There is a lot to know when installing water wells on properties with septic systems.
By William Wagner
When it comes to installing a water well near a septic system, contractors seemingly have to double as mathematicians. The regulations they must follow result in a head-spinning array of numbers to digest.
Consider this mouthful from Scott Kok, co-owner of Lovelace Well Drilling Inc. in Argyle, Wisconsin:
“We need to be 50 feet from a drain field, and we also have to be 50 feet from an alternative drain field if there is one. We have to be 25 feet from a septic tank, but if there’s city septic, we have to be 50 feet. We also have to be 25 feet from a shoreline or pond . . .”
You still with us? To sum it up, complex codes are the name of the game with septic systems. And making matters more complicated is these codes can vary significantly from state to state.
“Different states do things differently,” says Mark Layten, CWD/PI, of Kickapoo Drilling Co. in Downs, Illinois.
“From what I understand, Pennsylvania has codes per township as opposed to per state. They have a ton of different codes—it’s a mess out there. And then on the other side, I think New Mexico has no codes. You can do whatever you want.”
Nearly 25% of the population in the United States disposes of wastewater through onsite or unsewered, systems, the most common of which are septic systems. So what that means is coming across them at jobsites is a fairly regular occurrence. Septic systems use soil to treat small wastewater flows. When properly maintained, they are safe, reliable, and pose no threat to groundwater.
So, as we assess rules of thumb on what contractors must consider to ensure the water well systems they’re installing won’t be compromised by septic systems, it’s obvious where to begin.
Know Your Codes
Sixty years ago, it was like the Wild West when it came to installing water wells, but those days are long gone. To protect the purity of drinking water—which obviously should be job No. 1—codes relating to septic tanks have become increasingly restrictive.
“In the 1940s and ’50s, you’d go out the back door and have your water well, septic, and cistern right there,” Layten says. “Everything was in the same general area. Now everything is on different sides of the house. You put your geothermal on one side, your well on one side, and your septic on one side.”
The takeaway is contractors must know the ins and outs of the codes in the areas where they work. Layten certainly knows what’s expected of him in Illinois.
“You want to make sure you maintain your code-approved distances (of various components),” he says. “In the state of Illinois, they basically have a list of all the different things you need to stay away from. Everything is basically 75 feet (apart) for your geo, water well, and septic in Illinois. With those three things on a new house, usually they’re positioned in a triangle.”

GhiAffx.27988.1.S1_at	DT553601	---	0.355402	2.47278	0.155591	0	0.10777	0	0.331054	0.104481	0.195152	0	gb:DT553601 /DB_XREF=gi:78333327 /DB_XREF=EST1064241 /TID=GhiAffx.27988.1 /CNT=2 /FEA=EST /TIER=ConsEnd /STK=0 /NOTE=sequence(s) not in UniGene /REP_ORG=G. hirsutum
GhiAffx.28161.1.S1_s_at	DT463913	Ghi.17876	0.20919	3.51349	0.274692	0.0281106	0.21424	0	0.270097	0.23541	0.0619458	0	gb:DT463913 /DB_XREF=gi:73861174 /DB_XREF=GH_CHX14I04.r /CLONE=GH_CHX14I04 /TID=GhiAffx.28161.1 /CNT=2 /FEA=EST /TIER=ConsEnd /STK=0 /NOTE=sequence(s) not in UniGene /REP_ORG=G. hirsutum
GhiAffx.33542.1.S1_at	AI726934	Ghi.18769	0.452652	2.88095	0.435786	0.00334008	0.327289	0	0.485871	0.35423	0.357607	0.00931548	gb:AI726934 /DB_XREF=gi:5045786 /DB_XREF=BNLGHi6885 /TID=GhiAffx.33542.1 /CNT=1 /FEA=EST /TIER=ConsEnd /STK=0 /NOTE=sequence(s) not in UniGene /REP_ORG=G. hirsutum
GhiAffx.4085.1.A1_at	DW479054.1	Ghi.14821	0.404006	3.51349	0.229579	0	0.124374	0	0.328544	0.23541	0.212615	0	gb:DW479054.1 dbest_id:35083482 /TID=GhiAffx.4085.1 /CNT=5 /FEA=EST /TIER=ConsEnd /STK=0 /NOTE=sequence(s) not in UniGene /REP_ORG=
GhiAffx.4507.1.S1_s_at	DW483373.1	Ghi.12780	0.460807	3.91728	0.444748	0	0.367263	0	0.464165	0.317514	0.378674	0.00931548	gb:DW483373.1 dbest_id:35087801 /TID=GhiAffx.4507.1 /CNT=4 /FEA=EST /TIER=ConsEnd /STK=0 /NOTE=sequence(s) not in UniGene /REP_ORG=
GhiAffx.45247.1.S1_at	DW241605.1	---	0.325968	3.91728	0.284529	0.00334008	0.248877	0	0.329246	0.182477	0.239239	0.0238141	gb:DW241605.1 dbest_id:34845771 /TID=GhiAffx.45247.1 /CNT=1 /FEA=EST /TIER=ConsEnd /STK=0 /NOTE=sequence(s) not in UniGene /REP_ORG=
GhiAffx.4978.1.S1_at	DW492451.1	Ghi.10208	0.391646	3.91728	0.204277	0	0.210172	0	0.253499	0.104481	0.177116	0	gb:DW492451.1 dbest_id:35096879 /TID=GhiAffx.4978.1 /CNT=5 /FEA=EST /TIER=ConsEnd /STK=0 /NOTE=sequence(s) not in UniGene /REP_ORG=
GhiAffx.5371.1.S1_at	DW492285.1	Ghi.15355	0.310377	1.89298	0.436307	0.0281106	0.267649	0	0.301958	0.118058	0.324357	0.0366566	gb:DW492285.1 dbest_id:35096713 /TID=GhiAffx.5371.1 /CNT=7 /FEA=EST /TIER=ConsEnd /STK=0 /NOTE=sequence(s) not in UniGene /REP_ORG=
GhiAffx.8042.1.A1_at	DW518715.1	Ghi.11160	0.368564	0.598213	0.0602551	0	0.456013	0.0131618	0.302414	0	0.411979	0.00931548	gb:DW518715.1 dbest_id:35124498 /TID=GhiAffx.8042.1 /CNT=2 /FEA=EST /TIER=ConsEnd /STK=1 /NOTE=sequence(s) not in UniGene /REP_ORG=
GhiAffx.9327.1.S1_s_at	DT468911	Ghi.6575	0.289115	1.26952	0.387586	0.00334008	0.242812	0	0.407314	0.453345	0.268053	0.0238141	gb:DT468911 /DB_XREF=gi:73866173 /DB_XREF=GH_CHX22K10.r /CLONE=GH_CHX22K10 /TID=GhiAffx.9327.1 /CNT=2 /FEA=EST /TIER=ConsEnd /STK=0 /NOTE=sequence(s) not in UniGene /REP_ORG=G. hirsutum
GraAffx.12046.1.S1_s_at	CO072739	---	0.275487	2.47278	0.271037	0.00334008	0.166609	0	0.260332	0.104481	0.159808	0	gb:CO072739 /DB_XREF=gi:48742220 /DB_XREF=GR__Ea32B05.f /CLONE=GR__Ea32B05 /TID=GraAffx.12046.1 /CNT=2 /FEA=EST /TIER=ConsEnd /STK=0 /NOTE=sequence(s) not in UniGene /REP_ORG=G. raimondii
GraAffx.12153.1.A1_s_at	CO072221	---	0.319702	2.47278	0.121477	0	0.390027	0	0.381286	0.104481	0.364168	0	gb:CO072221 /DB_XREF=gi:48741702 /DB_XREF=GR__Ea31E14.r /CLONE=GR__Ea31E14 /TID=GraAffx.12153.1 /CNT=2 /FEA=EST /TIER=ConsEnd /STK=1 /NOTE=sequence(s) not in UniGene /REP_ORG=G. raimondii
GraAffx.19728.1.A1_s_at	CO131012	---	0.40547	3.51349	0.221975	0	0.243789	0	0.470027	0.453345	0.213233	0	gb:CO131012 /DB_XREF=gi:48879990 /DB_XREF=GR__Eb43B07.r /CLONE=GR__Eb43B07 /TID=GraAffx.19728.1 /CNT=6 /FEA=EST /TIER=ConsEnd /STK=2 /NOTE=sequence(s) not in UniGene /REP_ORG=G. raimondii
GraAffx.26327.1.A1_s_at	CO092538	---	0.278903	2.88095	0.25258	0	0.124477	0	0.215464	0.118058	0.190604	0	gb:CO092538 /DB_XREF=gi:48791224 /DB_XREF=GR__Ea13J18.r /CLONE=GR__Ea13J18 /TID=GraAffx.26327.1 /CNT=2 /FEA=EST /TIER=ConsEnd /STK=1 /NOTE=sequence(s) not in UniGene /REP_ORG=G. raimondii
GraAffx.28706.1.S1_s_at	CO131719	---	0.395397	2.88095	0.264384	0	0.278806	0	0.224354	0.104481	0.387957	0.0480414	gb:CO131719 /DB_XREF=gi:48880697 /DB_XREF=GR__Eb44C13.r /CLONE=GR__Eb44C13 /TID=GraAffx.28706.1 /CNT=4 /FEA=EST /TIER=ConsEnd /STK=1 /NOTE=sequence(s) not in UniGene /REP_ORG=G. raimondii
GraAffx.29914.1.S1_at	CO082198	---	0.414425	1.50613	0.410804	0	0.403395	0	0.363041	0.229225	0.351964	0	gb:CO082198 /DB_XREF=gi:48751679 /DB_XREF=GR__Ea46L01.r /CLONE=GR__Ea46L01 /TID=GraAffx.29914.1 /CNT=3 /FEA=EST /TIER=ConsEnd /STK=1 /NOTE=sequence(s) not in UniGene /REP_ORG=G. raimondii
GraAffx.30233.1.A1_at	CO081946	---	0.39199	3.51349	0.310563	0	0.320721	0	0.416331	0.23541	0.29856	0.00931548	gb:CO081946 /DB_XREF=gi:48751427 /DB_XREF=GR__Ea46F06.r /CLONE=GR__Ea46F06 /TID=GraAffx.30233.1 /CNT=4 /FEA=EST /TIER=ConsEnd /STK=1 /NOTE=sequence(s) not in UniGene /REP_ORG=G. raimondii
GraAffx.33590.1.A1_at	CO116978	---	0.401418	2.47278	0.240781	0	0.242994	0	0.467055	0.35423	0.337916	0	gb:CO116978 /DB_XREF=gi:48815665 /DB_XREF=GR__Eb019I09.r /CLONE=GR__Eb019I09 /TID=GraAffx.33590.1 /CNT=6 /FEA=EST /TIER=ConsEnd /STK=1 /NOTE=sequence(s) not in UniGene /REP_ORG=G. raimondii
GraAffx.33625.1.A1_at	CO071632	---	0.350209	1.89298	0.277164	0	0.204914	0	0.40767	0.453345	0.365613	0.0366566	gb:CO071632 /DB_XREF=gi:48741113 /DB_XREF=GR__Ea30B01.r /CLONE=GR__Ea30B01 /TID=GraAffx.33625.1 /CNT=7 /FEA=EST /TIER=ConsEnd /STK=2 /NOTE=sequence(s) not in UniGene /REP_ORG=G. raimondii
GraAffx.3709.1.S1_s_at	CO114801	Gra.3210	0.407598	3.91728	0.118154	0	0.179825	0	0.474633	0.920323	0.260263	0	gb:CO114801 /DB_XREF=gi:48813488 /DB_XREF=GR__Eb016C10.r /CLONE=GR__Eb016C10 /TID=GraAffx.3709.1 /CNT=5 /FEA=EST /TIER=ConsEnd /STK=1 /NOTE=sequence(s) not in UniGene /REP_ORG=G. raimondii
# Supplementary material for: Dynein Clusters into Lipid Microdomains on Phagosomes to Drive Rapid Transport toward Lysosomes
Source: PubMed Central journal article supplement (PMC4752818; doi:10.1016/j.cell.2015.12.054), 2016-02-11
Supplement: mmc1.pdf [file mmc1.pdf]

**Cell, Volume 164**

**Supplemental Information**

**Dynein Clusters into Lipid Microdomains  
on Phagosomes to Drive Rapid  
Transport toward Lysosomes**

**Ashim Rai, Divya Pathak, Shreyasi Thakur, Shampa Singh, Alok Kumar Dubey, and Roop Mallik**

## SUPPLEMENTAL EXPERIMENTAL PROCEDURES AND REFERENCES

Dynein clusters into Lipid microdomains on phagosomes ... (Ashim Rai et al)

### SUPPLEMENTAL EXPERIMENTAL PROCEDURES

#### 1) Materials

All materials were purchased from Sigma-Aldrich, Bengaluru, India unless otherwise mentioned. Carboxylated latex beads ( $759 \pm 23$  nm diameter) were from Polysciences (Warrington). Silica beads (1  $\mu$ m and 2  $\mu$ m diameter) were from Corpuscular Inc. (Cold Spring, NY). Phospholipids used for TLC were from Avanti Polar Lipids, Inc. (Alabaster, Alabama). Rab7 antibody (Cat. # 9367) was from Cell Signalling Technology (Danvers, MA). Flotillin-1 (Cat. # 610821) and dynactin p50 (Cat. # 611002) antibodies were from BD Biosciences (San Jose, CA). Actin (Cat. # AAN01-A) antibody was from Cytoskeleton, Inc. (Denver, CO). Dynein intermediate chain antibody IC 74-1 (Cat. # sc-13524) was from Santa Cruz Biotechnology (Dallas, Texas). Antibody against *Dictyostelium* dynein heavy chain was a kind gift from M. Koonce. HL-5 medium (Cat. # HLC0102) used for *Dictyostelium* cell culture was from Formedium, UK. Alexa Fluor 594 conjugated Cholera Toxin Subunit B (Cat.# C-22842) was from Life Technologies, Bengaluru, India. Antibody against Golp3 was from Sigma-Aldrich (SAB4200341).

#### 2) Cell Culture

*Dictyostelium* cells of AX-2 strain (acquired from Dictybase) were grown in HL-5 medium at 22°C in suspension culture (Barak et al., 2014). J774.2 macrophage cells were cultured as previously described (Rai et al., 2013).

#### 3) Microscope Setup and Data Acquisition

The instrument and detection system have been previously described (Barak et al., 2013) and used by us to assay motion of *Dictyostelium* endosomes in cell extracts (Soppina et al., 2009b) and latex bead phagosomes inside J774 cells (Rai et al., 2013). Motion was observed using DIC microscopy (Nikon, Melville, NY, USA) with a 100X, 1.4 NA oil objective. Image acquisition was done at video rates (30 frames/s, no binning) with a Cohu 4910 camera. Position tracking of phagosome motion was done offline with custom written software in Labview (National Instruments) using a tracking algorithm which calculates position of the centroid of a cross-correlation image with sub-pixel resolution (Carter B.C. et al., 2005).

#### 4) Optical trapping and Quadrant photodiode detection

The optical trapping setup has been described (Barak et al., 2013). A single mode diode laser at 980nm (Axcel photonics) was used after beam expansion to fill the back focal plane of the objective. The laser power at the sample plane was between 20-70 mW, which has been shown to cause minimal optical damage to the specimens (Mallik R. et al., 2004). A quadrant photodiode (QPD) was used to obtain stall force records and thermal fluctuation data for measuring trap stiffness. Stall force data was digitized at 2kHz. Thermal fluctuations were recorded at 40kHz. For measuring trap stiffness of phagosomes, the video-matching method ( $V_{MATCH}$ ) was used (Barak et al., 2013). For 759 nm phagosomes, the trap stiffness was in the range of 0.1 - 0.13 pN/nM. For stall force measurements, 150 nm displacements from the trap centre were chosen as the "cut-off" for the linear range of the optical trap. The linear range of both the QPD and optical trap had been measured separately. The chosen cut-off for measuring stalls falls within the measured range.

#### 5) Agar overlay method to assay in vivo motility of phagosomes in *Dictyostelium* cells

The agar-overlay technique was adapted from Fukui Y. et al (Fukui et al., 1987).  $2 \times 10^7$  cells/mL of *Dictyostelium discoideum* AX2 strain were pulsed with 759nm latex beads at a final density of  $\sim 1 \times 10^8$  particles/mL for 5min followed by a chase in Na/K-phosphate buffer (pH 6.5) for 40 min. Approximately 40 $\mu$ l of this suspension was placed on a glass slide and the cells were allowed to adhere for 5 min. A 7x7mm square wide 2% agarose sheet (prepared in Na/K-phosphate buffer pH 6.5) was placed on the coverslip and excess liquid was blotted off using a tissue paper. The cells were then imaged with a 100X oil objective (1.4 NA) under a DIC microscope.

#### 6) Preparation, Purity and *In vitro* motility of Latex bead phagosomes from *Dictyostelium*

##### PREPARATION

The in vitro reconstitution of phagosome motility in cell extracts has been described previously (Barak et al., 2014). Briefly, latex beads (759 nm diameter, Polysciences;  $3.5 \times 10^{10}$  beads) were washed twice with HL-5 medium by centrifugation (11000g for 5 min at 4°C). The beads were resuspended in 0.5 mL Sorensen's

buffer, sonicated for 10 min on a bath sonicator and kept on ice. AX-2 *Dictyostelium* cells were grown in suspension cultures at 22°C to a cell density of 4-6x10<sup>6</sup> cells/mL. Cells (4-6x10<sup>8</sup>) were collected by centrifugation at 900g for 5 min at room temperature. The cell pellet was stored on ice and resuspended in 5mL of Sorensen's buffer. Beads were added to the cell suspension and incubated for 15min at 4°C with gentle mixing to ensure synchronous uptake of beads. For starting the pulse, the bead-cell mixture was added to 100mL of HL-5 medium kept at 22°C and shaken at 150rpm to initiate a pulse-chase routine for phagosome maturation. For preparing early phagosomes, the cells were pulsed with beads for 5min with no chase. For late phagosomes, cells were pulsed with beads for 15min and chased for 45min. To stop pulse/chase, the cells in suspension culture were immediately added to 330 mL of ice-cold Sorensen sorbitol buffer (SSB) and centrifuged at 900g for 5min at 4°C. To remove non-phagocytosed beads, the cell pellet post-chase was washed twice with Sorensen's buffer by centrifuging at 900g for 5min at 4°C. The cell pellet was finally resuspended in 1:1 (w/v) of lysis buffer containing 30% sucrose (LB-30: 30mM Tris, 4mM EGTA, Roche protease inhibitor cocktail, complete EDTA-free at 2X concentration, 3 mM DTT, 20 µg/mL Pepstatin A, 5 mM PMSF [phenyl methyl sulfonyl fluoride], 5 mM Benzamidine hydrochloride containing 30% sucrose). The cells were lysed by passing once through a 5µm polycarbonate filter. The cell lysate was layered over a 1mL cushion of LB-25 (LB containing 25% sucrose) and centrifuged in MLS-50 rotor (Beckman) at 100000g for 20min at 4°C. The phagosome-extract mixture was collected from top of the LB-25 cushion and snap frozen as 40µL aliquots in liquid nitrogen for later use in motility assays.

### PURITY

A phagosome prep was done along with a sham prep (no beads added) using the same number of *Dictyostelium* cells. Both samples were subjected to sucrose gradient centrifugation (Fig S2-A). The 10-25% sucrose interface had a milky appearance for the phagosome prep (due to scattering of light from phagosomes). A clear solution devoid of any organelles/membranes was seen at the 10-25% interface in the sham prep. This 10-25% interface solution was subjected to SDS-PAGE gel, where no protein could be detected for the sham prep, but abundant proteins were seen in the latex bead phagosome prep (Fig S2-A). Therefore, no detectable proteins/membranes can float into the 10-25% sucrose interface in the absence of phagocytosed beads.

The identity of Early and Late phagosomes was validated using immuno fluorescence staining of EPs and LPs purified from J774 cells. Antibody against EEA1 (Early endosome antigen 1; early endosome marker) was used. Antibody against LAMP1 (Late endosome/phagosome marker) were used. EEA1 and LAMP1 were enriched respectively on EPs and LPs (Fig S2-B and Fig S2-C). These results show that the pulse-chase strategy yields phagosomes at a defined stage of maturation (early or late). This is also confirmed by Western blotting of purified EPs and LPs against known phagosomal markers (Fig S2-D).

Expect the Unexpected
Builders don’t always take septic/water well regulations into account when designing a new home. Meanwhile, old homes don’t always translate to new regulations. This can make things tricky for contractors.
“The worst thing is that (all the components) are trying to lead back to the same spot in the house,” Layten says. “In Illinois, we have to stay 10 feet apart where we enter and leave the house with water and septic. If the contractor who built the house made the room too small, then we have to come in through a bedroom closet or something. Things like that can be a pain. They’re the little things. But for the most part, they keep everyone on the up-and-up as far as doing things properly.”
Drill the Well Properly
This seems obvious, but it also couldn’t be more important.
“You have to make sure the well is dug right,” Layten says. “That’s a big one because it eliminates any path for (contaminated) material to get down through there. You always want to make sure the surface around the well isn’t sunken. It needs to be raised properly so that anything that gets near the well will slope away.”
Krok’s Wisconsin company typically goes the extra mile to ensure the well isn’t compromised in any way. Says Krok, “We put in extra casing as an added precaution.”
According to Krok, there’s a saying in Wisconsin: “The water supply is buried treasure.” It’s up to the contractors, then, to make sure it stays that way.
William Wagner is an award-wining writer, editor, and project manager for Wagner Communications. He has written for magazines, newspapers, books, and websites. He lives in the Chicago area